the consensus is pressures across europe are such, even once reluctant countries are cooperating. of course the main driver in getting so many disparate european leaders here was russia's invasion of ukraine and what is seen as its manipulation of the international energy markets. president zelensky joined leaders by video link tonight urging europe to remain by his country's site. liz truss has praised what she said was impressive solidarity here, but this is where this show of continental unity begins to fracture because, yes, europe's leaders are united in condemning russian aggression, but they remain divided as to how far to go to stop it. katya, thank you. katya adler in prague. well, as european leaders continue to discuss the war in ukraine, russia's assault on the country has continued — at least seven people were killed after the city of zaporizhzhia was hit by seven missiles in a series
of pre—dawn attacks. kyiv says the strikes were deliberately aimed at residential buildings. the city, close to the front line, is the capital of one of the regions that russia has illegally tried to annexe — though the city itself is still in ukrainian hands. the zaporizhzhia nuclear plant, europe's largest, is nearby, in an area controlled by moscow. the missile strikes came as the ukrainian army continues to make dramatic progress against russian forces in the east and south of the country. 0ur correspondent paul adams reports from zaporizhia. when things go wrong on the battlefield, is this how russia responds? this was not a military target. this is where ordinary people lived, where they were sleeping. from dawn, rescue workers looked for survivors among five floors of smouldering wreckage. it's not known how many people died here. this is the very centre of zaporizhzhia. we're not that far from russian—controlled territory
here and it's not unusual for explosions to be heard in and around the city. but for an entire apartment building like that to be demolished, that is unusual — and shocking. they know what war looks and sounds like, but they're stunned. and furious. translation: i have no words. it really hurts, and it's going to hurt even when i'm gone. i will never forgive russia for this. i won't. we shouldn't forgive russia for killing our children. we should take revenge and take it to the end. alla has relatives living in the building. she doesn't think they're alive. translation: why are they doing this to us? | what are they trying to prove? killing old people, why? for what? this morning's attacks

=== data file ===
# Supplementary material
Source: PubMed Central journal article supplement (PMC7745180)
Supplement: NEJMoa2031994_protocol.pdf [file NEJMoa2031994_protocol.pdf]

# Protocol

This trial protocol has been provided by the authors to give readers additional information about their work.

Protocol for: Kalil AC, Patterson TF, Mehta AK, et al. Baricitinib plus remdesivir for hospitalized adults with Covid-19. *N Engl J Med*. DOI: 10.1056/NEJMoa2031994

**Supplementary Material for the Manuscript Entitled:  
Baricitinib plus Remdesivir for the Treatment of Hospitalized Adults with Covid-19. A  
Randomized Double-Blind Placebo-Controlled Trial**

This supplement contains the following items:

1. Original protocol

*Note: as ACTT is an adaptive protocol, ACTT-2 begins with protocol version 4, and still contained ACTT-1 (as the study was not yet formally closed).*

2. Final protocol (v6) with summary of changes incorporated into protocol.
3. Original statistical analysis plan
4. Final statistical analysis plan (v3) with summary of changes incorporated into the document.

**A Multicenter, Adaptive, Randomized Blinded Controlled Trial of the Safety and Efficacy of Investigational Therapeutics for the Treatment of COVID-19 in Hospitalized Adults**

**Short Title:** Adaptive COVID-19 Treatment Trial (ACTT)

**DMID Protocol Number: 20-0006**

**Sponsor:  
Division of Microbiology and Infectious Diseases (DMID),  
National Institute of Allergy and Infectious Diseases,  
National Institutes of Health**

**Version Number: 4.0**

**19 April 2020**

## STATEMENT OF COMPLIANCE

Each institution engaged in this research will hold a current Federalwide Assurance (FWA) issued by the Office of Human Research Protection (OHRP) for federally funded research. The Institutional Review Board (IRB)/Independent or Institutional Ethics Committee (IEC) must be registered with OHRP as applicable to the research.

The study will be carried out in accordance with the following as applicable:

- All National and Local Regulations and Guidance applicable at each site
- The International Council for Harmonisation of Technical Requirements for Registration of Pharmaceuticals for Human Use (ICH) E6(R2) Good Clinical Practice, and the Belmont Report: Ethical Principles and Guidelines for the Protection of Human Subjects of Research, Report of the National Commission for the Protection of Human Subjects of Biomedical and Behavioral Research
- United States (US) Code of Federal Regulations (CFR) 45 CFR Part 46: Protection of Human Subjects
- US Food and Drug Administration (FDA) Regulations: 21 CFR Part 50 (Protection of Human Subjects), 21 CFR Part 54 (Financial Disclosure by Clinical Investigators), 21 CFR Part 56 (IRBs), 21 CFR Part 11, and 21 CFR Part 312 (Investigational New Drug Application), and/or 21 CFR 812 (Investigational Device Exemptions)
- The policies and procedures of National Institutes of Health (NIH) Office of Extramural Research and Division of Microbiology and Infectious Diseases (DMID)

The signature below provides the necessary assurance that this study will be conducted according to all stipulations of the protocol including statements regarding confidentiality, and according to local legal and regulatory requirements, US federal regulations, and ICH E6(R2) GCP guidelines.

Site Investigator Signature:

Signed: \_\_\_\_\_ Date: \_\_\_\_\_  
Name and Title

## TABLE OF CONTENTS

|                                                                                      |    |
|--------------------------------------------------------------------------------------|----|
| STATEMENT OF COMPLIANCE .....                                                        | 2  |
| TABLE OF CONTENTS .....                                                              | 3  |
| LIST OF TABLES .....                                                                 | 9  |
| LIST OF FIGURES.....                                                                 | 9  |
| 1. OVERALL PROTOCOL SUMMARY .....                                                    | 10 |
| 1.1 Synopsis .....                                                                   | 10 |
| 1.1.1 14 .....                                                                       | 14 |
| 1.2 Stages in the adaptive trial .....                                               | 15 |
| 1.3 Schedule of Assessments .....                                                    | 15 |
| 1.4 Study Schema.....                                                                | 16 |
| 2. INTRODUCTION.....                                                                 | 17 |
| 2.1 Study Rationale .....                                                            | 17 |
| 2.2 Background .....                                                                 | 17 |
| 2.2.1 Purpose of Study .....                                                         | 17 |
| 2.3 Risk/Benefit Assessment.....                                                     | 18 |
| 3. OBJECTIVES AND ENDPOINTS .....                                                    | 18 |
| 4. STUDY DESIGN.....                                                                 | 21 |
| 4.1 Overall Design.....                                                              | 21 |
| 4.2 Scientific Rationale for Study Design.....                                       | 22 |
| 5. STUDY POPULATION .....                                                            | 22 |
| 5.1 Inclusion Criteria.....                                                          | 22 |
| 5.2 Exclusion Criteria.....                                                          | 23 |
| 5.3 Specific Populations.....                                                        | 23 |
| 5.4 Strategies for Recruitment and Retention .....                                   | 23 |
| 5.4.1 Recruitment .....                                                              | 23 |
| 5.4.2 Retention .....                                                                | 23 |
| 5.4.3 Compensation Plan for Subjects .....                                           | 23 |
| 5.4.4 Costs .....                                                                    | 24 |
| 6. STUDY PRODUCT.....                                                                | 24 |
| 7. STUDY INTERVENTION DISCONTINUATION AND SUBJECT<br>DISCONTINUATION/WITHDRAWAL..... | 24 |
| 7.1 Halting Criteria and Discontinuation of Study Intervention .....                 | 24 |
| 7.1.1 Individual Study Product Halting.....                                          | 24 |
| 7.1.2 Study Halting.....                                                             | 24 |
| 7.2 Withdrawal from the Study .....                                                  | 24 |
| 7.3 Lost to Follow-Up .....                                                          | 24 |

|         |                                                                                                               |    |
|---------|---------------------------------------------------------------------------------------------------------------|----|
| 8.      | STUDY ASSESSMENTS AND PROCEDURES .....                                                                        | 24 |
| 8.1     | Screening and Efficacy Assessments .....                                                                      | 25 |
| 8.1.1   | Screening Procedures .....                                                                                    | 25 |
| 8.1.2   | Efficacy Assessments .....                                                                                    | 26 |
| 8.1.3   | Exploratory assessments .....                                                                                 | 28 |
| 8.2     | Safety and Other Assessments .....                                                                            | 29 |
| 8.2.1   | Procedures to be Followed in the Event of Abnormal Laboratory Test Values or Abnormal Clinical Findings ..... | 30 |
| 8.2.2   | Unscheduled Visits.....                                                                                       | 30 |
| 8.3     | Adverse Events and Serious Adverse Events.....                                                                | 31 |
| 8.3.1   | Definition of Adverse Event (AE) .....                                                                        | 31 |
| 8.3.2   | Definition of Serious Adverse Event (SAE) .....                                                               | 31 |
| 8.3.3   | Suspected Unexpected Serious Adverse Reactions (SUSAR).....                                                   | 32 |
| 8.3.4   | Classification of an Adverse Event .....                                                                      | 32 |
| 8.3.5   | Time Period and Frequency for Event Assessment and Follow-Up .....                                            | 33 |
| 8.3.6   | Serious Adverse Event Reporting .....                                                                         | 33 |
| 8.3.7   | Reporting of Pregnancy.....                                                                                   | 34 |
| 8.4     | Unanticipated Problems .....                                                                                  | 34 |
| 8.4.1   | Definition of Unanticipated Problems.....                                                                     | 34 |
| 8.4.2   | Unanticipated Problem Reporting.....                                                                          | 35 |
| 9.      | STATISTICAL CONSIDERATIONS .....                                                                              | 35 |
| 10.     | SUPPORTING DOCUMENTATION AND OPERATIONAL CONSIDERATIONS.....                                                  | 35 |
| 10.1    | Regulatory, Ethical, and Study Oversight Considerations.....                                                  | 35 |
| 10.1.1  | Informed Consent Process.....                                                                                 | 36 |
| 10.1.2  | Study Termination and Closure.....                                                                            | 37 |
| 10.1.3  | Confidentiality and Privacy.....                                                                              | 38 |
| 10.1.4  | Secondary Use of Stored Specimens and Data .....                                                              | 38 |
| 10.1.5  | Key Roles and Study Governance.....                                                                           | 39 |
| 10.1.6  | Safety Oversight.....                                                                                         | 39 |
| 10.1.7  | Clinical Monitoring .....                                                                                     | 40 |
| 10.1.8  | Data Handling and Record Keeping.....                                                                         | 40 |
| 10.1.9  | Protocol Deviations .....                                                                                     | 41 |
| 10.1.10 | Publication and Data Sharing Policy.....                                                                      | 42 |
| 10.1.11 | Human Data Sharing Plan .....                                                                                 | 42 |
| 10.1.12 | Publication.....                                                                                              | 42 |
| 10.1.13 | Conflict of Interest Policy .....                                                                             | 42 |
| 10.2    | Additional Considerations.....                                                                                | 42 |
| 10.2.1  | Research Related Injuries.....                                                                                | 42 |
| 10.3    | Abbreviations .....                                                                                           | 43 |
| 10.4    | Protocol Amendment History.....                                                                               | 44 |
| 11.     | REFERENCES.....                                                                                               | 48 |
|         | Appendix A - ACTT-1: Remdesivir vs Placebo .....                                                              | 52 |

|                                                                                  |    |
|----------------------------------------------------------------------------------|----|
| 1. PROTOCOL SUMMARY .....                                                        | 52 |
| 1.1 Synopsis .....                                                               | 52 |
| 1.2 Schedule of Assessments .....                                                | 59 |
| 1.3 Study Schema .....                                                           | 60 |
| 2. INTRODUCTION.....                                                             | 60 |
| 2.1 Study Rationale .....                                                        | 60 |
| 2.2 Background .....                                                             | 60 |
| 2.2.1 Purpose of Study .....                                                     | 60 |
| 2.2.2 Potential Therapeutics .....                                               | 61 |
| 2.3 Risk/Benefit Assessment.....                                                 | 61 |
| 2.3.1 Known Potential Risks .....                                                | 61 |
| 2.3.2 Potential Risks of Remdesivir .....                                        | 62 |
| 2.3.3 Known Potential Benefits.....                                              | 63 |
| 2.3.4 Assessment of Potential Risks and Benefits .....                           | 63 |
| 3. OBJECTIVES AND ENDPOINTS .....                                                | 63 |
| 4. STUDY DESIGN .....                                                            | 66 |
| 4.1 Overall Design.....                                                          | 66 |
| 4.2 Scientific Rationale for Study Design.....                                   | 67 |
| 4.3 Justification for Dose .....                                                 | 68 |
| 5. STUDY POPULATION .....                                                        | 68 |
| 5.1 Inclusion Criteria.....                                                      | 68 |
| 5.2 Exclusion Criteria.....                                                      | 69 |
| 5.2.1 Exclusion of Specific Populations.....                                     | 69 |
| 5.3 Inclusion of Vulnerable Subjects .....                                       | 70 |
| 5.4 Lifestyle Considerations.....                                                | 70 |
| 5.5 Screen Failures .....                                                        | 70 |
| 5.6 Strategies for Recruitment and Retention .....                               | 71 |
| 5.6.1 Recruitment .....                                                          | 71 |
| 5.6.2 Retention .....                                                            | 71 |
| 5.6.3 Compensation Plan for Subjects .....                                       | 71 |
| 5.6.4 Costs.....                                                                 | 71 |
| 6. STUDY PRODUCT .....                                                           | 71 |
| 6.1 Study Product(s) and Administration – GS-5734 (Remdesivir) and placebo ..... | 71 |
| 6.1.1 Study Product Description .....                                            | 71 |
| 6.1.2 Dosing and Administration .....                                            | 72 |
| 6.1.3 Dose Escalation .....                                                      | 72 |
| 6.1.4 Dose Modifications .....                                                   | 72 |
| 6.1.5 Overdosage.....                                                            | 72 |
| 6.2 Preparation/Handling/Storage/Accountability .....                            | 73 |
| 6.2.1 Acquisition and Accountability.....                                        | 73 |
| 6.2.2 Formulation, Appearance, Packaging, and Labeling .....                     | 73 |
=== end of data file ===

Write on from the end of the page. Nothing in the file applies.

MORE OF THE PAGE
came with no warning. explosions just a series of huge explosions in the darkness before dawn. not far away, on a quiet residential street, more destruction, more urgent work. a modest house reduced to flames and rubble. at a third building, a miraculous escape. russia is lashing out, firing missiles and drones into cities across ukraine. it feels desperate and dangerous. paul adams, bbc news, zaporizhzhia. the alzheimer's society says nearly 60% of people diagnosed with dementia aren't getting the help they need. a study of more than 2,000 people affected by the disease also found that more than half of carers say they've reached crisis point.
there are 900,000 people in the uk living with dementia. tonight, in the first of two special reports, our correspondentjeremy cooke tells the story of a couple in newcastle whose experience of the condition, and navigating the social care system is echoed across the country meetjo wilson. hi, jo — are you washing up? i'm trying to get something out for my dinner. that's drjo wilson, phd. high—flying, globe—trotting career woman. she was damn good at what she did and had an international reputation. all of that, and now it's come to this. do you know how old you are? do i know how old i am? of course i know how old i am. how old are you? how old am i? i don't know, because i haven't made my mind up yet. alzheimer's is cruel — devastating, isolating. my number—one girl. so this isjo's story —